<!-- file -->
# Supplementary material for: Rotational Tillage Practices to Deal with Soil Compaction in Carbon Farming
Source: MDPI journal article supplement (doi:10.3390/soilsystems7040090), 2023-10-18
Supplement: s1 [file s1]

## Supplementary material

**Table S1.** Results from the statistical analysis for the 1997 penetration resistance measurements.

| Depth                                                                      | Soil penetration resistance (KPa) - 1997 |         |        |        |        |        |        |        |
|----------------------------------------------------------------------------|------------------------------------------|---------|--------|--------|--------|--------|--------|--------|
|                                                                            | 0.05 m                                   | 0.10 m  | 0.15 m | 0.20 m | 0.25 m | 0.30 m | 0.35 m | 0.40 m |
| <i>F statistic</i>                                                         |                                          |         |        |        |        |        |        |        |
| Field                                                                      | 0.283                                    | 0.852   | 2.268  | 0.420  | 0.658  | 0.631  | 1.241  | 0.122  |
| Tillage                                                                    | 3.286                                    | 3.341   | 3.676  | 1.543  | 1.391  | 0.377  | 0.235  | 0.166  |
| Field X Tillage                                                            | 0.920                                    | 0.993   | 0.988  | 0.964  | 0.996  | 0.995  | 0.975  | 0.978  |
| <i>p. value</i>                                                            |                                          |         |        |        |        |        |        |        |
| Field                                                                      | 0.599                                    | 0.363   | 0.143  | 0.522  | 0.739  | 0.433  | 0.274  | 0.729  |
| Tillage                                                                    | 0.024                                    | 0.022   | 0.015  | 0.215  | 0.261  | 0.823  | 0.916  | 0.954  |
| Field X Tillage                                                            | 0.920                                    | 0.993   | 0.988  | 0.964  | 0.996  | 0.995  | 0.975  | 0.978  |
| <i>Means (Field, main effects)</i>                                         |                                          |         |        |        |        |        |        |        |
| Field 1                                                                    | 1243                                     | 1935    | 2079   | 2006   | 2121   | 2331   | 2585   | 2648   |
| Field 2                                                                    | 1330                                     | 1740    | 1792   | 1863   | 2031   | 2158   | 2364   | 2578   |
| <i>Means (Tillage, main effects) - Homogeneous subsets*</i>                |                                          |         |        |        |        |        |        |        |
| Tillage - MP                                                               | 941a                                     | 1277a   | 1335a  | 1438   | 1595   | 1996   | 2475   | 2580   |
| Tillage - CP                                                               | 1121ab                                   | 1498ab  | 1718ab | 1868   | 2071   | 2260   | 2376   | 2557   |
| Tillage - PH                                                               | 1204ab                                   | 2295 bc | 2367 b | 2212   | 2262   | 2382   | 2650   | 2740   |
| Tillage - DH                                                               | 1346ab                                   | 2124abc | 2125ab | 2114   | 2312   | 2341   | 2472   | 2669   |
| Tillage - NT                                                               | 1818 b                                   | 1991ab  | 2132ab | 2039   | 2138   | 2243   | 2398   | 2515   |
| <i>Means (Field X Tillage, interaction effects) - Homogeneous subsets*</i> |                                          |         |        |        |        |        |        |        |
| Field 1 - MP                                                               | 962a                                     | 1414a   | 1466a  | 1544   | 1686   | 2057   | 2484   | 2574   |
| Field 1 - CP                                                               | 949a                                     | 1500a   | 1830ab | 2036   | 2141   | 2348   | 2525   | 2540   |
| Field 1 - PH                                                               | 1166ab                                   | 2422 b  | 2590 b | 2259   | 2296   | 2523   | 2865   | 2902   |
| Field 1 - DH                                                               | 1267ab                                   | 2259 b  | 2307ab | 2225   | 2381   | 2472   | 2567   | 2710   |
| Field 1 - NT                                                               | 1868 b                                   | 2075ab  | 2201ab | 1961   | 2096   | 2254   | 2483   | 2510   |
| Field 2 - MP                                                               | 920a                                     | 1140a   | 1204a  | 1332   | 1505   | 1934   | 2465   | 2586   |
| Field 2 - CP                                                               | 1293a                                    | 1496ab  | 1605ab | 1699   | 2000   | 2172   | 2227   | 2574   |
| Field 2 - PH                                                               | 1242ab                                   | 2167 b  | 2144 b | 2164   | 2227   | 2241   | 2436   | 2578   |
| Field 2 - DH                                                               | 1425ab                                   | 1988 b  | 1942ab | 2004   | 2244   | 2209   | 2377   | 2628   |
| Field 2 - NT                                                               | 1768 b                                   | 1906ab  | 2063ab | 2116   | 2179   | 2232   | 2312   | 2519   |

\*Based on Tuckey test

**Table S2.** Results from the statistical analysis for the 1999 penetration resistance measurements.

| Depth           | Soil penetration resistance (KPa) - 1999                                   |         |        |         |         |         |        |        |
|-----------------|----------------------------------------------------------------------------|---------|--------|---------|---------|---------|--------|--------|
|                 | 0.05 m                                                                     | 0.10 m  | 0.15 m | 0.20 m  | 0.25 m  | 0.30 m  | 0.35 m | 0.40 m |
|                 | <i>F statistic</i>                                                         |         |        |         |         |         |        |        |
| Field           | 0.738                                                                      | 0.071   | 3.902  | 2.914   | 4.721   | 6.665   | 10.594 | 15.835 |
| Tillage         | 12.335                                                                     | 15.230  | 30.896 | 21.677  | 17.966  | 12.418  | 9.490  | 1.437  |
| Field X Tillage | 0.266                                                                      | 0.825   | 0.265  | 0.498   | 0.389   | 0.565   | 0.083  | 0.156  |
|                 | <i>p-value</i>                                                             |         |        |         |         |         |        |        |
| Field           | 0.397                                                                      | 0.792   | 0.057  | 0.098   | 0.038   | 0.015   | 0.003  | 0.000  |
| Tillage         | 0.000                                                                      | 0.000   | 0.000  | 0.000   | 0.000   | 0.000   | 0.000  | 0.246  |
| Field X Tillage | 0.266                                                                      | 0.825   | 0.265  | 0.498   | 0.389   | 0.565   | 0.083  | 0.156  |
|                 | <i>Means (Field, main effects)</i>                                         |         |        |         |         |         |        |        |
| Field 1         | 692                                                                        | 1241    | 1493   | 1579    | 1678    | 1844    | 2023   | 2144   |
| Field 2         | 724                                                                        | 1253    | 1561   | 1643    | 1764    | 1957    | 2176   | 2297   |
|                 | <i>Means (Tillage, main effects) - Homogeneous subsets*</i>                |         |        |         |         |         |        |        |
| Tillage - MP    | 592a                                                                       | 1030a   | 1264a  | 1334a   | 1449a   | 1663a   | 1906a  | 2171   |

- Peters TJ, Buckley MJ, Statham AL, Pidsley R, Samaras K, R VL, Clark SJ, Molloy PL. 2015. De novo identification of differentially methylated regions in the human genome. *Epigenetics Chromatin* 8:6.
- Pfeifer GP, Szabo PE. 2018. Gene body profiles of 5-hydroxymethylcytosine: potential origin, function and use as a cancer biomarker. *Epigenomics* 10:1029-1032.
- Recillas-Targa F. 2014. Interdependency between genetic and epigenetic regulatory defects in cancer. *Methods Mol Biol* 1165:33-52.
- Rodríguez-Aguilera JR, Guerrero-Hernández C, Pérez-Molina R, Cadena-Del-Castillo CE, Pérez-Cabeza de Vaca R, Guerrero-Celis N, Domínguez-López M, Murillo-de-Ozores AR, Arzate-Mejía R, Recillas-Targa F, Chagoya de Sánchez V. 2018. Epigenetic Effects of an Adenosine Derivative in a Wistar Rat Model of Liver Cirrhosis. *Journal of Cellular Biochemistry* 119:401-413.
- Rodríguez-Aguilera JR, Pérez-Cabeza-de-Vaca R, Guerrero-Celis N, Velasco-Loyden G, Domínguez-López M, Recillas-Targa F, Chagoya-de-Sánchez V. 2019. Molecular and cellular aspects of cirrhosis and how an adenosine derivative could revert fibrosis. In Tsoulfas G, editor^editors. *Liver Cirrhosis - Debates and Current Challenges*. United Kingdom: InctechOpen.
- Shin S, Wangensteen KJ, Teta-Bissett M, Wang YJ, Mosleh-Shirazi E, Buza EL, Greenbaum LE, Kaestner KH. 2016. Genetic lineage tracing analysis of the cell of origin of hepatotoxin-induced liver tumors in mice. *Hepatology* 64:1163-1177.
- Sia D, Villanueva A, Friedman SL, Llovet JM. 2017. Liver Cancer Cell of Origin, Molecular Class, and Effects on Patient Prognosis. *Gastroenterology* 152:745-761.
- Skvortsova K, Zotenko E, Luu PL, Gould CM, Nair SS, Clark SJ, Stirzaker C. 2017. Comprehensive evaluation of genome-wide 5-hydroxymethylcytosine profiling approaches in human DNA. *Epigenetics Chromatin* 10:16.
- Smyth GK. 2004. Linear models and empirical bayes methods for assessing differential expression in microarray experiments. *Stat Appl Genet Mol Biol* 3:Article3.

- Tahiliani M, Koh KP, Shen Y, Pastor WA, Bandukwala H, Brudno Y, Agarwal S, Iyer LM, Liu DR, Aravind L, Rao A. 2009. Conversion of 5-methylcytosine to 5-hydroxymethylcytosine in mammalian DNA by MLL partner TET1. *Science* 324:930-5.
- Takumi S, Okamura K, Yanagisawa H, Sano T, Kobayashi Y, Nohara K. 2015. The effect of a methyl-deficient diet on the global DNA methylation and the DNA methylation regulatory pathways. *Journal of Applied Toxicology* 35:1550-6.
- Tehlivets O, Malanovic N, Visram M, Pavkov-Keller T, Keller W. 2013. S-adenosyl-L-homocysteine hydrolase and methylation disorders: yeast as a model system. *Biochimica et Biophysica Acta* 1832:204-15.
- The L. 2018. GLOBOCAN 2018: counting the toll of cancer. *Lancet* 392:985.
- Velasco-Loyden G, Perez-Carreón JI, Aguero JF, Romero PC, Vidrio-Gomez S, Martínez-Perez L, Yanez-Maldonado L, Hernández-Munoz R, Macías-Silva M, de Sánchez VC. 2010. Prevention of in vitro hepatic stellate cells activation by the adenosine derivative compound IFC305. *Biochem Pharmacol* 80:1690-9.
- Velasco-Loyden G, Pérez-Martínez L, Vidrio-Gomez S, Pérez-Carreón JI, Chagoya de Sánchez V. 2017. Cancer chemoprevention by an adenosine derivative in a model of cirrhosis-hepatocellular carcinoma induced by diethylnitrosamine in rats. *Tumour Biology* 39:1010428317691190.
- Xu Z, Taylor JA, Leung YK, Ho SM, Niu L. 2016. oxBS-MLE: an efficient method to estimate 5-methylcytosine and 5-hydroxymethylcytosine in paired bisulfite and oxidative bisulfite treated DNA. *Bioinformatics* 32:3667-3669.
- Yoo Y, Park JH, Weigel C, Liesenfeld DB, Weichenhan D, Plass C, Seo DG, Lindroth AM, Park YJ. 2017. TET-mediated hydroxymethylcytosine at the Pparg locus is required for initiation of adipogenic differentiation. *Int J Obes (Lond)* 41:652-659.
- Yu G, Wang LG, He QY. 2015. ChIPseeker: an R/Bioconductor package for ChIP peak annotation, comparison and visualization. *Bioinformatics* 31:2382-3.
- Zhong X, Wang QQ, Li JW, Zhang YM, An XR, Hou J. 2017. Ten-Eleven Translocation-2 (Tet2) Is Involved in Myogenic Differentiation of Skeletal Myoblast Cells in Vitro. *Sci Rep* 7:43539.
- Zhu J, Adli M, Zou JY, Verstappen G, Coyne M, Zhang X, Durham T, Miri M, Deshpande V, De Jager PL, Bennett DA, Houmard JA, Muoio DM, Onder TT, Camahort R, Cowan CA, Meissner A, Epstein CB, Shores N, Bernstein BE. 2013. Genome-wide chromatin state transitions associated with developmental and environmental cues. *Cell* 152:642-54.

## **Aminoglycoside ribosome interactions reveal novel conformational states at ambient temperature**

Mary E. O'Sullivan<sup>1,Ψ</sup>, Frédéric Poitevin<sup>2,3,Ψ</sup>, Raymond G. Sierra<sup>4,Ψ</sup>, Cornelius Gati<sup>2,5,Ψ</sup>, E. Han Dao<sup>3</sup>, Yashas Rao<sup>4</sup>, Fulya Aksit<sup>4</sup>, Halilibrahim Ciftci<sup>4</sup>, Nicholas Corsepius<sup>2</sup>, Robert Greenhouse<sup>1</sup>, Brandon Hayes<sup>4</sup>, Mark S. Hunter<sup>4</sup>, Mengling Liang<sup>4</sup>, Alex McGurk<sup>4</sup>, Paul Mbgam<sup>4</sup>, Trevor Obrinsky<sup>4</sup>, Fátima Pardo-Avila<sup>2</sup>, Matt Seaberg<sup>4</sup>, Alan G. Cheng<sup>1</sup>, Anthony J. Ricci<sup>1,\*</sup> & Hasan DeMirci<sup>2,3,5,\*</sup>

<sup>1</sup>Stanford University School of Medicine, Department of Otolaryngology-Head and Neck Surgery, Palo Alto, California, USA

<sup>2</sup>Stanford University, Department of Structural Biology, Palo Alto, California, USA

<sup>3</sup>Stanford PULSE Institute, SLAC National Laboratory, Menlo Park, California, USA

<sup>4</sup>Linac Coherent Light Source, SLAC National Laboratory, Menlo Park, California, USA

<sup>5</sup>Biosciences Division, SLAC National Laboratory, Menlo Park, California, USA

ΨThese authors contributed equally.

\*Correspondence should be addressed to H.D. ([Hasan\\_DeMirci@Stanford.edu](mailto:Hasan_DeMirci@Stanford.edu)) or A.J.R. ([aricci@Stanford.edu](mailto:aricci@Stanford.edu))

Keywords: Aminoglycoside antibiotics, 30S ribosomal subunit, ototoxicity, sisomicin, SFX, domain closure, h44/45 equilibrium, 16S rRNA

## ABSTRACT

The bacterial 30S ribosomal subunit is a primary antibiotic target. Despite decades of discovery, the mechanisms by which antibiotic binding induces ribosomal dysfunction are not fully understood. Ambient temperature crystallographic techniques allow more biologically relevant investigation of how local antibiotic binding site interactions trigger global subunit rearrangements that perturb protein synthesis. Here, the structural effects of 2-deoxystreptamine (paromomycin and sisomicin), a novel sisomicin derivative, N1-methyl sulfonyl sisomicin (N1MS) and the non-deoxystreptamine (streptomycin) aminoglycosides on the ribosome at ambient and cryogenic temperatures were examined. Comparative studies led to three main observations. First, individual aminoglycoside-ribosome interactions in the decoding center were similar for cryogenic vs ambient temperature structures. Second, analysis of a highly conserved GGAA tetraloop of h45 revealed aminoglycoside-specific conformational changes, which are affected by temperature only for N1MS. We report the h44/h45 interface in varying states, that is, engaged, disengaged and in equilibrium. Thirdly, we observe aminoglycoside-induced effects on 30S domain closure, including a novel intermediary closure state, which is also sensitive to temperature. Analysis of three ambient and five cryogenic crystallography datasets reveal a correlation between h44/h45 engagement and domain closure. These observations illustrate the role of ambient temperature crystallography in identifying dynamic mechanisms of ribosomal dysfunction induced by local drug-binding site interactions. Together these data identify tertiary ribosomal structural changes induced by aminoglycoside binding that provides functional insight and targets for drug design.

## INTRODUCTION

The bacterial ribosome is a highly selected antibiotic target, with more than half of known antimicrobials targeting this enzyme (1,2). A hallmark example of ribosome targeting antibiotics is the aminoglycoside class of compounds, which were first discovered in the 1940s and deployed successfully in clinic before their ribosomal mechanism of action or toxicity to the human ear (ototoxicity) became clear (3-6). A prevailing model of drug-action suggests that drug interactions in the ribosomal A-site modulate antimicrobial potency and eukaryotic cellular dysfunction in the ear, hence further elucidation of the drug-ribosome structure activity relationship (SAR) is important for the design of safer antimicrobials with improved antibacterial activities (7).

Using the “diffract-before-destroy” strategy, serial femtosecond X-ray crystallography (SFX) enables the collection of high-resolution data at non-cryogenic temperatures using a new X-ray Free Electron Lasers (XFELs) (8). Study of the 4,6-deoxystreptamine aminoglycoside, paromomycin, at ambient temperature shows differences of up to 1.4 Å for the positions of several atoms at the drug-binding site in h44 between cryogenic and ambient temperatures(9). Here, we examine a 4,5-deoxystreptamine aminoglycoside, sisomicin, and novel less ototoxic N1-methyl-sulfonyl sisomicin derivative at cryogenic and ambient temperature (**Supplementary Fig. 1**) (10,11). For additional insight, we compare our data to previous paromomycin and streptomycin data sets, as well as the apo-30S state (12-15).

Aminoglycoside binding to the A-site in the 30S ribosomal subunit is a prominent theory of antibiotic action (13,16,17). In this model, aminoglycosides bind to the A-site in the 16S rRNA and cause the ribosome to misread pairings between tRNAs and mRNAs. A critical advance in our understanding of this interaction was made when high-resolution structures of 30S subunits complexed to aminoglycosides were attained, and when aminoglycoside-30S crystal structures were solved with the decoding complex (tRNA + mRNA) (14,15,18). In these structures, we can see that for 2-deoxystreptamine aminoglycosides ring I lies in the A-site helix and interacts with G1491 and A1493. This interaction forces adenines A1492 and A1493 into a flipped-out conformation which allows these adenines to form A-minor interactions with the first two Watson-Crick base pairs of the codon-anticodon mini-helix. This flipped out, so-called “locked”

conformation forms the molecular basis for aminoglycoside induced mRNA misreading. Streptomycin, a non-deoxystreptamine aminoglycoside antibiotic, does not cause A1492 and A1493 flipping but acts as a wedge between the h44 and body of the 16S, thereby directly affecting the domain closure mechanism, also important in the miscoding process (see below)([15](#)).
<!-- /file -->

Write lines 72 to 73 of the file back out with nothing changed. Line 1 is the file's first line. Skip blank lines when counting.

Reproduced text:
- Yu G, Wang LG, He QY. 2015. ChIPseeker: an R/Bioconductor package for ChIP peak annotation, comparison and visualization. *Bioinformatics* 31:2382-3.
- Zhong X, Wang QQ, Li JW, Zhang YM, An XR, Hou J. 2017. Ten-Eleven Translocation-2 (Tet2) Is Involved in Myogenic Differentiation of Skeletal Myoblast Cells in Vitro. *Sci Rep* 7:43539.